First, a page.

In the opening scene of Episode 3 of HBO’s Westworld Season 2, a gun was used to work out if a person was human or host. It has since gotten viewers asking just how the guns in the theme parks of Westworld really work. Just how do they establish whom they are pointed at?
SPOILER ALERT: This article discusses Episode 3 (titled “Virtu e Fortuna”) of HBO’s Westworld Season 2. Please proceed with caution if you have not yet viewed this episode and wish to avoid spoilers.
Episode 3 of HBO’s Westworld begins in Park 6, a place described as “The Raj” by Entertainment Weekly. Two new characters are immediately introduced, a woman and a man who are both in search of trophy Bengal tigers for their collections. The woman, played by Katja Herbers and listed as a character called Grace by IMDb, pulls a gun on the man to determine whether he is a human or a host since it is so hard to discover a person’s true identity in the Westworld parks.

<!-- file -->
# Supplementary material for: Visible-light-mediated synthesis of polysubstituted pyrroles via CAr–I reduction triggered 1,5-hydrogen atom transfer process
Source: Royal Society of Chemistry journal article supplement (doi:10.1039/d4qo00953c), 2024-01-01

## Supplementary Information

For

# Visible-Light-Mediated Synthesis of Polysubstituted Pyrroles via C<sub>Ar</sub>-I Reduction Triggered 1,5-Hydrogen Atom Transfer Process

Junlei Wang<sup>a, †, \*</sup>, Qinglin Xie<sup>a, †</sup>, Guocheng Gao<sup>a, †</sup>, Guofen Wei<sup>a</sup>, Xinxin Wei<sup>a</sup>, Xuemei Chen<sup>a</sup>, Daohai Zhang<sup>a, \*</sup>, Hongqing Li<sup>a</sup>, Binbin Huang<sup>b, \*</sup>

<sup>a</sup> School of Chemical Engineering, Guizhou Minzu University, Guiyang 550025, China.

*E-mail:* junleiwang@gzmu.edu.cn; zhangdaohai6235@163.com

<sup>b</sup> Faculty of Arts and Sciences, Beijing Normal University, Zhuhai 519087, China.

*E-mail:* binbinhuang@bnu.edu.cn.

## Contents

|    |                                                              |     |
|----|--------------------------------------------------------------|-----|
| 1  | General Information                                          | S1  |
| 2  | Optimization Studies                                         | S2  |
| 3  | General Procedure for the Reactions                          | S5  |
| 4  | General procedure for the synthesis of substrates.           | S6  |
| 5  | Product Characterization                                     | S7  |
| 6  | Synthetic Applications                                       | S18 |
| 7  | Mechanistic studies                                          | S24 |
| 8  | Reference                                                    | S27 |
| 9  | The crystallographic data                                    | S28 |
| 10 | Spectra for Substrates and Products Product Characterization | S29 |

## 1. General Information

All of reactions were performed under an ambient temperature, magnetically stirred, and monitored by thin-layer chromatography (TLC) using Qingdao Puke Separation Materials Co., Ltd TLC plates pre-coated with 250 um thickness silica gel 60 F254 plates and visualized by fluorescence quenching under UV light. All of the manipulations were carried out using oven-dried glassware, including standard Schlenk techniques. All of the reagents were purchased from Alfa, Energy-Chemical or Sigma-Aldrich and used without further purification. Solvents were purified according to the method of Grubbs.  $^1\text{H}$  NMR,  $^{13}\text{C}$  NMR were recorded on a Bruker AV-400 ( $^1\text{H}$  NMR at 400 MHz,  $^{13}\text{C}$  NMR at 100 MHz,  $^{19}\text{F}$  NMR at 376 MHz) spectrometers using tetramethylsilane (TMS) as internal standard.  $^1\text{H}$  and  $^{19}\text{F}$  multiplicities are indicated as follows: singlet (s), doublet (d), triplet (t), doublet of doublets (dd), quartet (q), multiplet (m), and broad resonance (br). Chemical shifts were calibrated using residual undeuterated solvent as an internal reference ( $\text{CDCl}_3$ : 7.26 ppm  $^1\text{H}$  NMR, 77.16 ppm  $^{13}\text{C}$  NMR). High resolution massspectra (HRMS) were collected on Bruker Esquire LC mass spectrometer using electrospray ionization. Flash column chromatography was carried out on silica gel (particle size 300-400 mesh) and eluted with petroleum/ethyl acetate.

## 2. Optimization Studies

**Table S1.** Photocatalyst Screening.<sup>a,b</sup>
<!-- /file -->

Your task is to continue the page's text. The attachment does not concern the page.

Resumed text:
She says to him that he will either die and be restored to “live” another day if he is a host, or he will feel a sharp sting but not be killed if he is a human. Grace then shoots him to discover he is, in fact, a human.
So, how does that work? How do the guns in Westworld determine whether a person is human or not?
Westworld is, presumably, set in the future as there are obvious gadgets — beyond the advanced robots known as hosts — that are far more advanced than our current technology. So, it seems likely that the guns contain some sort of device that can detect a human over a host when it is pointed at a target. Considering, in the same episode, viewers saw Charlotte Hale (Tessa Thompson) scanned for a chip that identified her as human, one could assume the guns in the Westworld parks follow this same sort of technology.
But what happens then? Does the gun switch its velocity depending on whether it has scanned a host or a human? Or are the bullets none lethal to humans but are detected as lethal when they make contact with the hosts?
Westworld director Richard Lewis has explained to Entertainment Weekly that it is the gun, and not the host, which determines what happens next.
“They do slow down and create more of a bruise effect. There’s a safety mechanism that’s locked in when it’s on a human that it creates a different [velocity] for the bullet.”
So, now fans finally know how the guns in Westworld actually work.
Season 2 of Westworld returns with Episode 4 on Sunday, May 13, at 9 p.m. ET. According to the Hollywood Reporter, this episode will be titled “The Riddle of the Sphinx.”